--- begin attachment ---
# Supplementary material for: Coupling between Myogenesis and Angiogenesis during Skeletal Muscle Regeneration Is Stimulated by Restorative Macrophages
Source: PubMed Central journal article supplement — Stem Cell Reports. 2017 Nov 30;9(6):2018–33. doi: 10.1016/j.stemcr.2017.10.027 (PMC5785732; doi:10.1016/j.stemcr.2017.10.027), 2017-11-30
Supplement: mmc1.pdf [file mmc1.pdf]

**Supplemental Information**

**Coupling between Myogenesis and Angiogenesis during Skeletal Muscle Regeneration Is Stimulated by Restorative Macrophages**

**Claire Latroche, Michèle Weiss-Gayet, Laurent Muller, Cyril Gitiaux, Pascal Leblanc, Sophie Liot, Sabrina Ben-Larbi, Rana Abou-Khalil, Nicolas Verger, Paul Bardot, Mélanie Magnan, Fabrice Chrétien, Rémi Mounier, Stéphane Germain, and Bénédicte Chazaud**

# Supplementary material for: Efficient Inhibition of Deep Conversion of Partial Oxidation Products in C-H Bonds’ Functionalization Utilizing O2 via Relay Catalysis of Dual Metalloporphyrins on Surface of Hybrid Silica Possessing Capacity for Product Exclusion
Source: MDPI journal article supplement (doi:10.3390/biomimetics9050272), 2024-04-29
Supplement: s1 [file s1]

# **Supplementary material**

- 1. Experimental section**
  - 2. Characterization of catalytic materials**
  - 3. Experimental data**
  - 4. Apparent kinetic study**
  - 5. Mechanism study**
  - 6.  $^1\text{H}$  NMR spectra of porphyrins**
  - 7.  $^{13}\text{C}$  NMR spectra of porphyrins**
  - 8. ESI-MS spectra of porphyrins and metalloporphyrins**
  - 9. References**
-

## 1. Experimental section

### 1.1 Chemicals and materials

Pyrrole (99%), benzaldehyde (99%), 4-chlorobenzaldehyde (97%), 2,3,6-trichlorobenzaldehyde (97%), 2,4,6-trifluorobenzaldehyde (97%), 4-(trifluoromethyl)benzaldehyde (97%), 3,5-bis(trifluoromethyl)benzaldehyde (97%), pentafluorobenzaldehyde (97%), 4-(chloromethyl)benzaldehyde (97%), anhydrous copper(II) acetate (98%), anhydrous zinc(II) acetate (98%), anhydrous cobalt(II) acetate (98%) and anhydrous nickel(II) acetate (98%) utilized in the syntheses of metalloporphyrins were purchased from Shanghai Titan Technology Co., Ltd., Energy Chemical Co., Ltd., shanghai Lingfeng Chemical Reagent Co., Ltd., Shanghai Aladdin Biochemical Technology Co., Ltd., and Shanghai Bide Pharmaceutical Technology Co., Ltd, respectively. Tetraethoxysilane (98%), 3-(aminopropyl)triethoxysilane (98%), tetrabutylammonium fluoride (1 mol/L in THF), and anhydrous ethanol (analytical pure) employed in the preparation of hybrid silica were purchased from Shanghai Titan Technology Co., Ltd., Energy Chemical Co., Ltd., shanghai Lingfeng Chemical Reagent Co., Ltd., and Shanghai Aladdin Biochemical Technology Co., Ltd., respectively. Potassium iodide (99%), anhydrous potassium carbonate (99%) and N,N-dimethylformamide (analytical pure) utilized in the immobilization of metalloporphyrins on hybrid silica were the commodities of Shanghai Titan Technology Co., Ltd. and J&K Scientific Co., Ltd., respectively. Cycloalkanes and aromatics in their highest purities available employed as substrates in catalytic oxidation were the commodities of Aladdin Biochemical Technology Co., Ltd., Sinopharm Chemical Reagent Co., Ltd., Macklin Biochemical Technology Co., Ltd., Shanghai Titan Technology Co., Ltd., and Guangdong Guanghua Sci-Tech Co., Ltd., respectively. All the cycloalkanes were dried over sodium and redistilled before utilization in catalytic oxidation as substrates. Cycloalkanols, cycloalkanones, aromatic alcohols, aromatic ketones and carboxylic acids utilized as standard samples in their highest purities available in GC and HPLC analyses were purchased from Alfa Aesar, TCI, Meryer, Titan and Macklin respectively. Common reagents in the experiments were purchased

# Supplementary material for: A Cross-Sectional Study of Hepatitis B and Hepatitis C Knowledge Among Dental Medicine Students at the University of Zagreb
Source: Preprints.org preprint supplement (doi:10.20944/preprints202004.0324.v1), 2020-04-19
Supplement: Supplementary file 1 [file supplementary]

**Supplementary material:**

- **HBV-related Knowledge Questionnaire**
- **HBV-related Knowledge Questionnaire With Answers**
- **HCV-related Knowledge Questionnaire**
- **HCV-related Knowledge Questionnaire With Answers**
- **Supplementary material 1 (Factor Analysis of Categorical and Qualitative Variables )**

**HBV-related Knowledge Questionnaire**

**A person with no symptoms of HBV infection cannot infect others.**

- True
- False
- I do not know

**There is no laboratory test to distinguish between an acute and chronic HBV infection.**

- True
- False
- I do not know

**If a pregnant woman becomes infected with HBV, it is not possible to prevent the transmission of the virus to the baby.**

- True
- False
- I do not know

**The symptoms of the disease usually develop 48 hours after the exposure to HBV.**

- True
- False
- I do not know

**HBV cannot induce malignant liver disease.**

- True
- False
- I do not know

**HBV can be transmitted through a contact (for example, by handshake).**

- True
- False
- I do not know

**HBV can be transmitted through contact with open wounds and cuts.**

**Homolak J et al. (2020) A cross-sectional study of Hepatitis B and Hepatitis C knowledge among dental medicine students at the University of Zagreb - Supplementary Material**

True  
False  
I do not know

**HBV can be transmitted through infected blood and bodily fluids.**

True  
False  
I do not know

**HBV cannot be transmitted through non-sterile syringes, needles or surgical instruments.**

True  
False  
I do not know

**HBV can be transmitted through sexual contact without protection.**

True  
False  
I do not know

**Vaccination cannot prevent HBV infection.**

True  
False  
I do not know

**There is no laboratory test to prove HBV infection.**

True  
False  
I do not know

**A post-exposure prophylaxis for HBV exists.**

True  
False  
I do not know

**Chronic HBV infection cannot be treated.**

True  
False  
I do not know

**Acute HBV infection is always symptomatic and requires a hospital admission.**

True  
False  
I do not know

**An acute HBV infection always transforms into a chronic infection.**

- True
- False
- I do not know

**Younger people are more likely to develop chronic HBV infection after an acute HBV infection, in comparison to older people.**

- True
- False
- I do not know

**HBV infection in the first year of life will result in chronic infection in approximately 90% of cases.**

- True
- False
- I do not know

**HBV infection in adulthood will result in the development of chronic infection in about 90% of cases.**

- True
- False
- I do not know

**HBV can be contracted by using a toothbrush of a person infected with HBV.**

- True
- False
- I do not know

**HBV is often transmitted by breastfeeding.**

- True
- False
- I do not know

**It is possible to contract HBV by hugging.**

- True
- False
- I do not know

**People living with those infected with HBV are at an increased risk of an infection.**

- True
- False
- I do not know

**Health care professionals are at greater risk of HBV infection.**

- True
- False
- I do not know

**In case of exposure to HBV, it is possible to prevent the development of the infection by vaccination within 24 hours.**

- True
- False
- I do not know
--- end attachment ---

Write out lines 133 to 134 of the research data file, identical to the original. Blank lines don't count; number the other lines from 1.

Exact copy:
- False
- I do not know